a tumblelog
12 May 2020

Eurasian coot family

On the way back from shopping Esme and I stopped to look at the Eurasian coot family that lives close to our house. Each time we count the chicks and, luckily, each time the number is six.

Eurasian coot, Fulica atra, family
Eurasian coot, Fulica atra, family with 3 of the 6 chicks.

The coots are not afraid of humans and actually came quite close to us, probably expecting to be fed. So we guess someone is feeding them.

Pterinochilus murinus opened its burrow

In the evening I noticed that the Pterinochilus murinus sling I keep had opened its burrow; a cork tube halve that the small tarantula had closed off with webbing and substrate shortly after I got it.

I put a pre-killed mealworm, Tenebrio molitor, near the entrance of the burrow and soon after it was gone.

I suspect the tarantula has molted while in hiding.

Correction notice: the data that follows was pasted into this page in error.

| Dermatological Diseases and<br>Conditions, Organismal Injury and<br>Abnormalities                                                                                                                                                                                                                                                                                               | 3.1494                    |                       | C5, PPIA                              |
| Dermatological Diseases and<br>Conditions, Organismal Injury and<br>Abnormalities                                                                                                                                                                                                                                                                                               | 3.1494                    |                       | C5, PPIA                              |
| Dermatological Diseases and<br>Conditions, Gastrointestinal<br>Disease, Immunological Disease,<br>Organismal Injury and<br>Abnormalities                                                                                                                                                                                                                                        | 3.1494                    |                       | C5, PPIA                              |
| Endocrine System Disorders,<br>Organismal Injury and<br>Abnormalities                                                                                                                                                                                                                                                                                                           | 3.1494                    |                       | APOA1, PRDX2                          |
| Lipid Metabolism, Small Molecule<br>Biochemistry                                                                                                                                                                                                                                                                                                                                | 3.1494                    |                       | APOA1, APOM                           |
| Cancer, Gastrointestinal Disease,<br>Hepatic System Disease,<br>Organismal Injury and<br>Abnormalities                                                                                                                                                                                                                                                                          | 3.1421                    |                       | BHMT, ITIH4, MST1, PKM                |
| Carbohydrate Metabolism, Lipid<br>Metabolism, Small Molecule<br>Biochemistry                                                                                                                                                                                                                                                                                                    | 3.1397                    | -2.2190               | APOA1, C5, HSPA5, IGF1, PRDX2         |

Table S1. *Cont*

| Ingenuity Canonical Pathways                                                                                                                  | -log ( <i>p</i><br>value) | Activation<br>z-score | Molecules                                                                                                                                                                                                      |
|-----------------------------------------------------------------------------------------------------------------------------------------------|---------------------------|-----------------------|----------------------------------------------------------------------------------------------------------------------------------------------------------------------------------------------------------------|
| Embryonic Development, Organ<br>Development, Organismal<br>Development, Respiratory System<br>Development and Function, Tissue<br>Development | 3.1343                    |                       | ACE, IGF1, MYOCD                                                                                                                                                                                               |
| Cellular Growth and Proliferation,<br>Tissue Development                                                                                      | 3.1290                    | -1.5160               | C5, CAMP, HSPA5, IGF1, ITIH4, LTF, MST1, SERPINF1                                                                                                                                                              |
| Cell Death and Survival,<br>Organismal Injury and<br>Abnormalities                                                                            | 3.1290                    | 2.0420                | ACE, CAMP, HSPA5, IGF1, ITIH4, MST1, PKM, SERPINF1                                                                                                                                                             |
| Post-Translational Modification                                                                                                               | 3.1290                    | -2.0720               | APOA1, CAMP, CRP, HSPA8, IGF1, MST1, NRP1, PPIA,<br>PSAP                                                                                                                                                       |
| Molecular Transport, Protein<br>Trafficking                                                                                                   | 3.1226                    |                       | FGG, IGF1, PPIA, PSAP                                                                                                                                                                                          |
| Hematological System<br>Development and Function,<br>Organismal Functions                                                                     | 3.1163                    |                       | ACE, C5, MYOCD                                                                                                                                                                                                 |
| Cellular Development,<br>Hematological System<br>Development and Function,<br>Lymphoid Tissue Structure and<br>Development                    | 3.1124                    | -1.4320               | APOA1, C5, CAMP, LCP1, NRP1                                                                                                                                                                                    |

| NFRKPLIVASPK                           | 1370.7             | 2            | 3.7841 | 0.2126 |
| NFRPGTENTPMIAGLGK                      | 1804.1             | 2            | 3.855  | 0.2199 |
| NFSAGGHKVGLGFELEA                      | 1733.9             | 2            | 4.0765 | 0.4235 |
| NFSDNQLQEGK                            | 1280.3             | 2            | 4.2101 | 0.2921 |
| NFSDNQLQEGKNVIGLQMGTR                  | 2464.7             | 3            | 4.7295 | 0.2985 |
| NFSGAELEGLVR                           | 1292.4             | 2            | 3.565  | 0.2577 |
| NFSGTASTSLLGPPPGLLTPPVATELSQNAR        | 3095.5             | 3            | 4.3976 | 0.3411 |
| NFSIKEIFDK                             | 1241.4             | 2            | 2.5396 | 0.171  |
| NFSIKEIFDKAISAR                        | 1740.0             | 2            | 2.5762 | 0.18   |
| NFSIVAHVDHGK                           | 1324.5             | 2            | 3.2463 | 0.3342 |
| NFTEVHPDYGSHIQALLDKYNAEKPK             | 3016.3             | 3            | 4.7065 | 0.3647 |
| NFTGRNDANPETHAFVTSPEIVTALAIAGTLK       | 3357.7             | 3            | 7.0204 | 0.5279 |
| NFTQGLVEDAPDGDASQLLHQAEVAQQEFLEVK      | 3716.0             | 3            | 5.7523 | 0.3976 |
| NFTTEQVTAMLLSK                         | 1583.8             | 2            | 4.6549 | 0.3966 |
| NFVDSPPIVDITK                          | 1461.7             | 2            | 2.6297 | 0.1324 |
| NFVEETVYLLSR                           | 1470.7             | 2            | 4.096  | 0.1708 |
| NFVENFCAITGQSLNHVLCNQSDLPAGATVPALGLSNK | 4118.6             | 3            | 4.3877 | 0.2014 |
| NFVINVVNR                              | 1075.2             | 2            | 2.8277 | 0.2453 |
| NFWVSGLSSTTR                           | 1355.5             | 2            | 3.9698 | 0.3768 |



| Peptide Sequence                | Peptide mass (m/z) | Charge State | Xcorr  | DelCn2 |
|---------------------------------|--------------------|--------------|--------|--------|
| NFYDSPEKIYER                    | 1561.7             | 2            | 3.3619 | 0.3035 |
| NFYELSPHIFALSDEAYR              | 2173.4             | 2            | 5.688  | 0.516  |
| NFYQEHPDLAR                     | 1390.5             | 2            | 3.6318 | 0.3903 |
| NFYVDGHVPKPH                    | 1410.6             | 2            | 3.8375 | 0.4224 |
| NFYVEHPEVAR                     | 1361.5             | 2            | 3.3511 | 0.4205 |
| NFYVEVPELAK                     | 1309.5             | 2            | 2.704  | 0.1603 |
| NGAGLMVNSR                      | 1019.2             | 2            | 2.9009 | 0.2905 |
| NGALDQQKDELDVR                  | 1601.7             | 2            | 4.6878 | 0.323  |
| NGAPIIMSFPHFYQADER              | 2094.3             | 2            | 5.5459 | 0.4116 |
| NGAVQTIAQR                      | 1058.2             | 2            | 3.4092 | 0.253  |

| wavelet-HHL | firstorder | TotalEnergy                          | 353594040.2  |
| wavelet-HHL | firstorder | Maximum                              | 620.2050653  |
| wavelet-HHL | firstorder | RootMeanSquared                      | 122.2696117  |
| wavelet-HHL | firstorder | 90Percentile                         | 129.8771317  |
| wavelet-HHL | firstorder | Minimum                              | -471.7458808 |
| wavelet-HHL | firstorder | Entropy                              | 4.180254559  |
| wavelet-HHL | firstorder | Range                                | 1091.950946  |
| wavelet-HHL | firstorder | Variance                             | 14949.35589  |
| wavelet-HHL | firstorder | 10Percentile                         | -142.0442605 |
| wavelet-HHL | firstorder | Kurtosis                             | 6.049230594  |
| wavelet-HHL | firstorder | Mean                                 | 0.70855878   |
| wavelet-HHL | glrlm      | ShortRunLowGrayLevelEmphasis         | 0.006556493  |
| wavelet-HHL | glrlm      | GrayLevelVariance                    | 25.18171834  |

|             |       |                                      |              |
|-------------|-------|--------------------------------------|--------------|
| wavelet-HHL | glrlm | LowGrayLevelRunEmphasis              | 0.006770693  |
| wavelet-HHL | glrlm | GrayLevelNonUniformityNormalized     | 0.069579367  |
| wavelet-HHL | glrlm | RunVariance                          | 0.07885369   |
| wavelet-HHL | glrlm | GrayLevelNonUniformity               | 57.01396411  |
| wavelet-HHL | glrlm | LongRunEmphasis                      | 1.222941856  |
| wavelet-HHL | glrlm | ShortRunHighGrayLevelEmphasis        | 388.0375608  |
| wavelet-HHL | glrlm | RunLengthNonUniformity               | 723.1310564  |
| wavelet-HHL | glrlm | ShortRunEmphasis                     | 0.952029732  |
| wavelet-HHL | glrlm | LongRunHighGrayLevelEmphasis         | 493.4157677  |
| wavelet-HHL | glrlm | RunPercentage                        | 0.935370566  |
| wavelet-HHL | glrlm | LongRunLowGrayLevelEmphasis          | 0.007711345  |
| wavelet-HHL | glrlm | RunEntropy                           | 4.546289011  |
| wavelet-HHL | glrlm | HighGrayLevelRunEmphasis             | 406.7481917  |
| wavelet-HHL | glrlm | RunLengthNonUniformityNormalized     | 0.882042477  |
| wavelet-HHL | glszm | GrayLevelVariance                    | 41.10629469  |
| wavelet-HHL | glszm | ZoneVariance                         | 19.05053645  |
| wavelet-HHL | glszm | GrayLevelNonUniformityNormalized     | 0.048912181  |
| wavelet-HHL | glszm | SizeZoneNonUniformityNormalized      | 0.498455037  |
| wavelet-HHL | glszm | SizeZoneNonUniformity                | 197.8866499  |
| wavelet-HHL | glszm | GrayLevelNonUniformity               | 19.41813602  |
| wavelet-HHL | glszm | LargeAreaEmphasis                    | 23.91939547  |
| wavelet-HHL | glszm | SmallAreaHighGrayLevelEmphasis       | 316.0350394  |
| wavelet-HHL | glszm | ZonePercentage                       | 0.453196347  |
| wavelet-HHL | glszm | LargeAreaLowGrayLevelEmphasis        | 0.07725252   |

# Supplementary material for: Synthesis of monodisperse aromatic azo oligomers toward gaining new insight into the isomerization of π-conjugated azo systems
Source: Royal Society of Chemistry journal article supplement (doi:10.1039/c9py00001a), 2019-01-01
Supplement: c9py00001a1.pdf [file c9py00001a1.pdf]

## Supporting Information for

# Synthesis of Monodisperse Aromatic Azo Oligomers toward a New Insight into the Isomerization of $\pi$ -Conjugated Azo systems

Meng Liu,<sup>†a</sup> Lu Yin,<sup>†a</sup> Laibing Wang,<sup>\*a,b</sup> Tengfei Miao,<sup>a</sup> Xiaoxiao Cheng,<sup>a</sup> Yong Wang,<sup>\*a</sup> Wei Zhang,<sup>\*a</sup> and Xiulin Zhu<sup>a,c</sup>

What Writing DRY Code Really Means

Most developers early in their careers learn an important programming principle called Don’t Repeat Yourself (DRY). For most engineers this basically means avoid writing the same lines of code more than once, and realistically that’s the best place to start when learning how to write efficient code. While DRY is an important code-writing concept, it’s far from the whole story.

Source: What Writing DRY Code Really Means, an article by Shawn Deprey.

Spam Filtering Using Bag-of-Words

In this post, we’re going to employ one simple natural language processing (NLP) algorithm known as bag-of-words to classify messages as ham or spam. Using bag of words and feature engineering related to NLP, we’ll get hands-on experience on a small dataset for SMS classification.

Source: Spam Filtering Using Bag-of-Words, an article by Nikita Sharma.

Learning Haskell: Getting Setup

This is the first part of my series of articles on learning Haskell, I’ll be taking you through my journey learning the functional programming language.

Before we can start writing any Haskell we should first get it setup on our machine.

Source: Learning Haskell: Getting Setup, an article by Grant Leadbetter.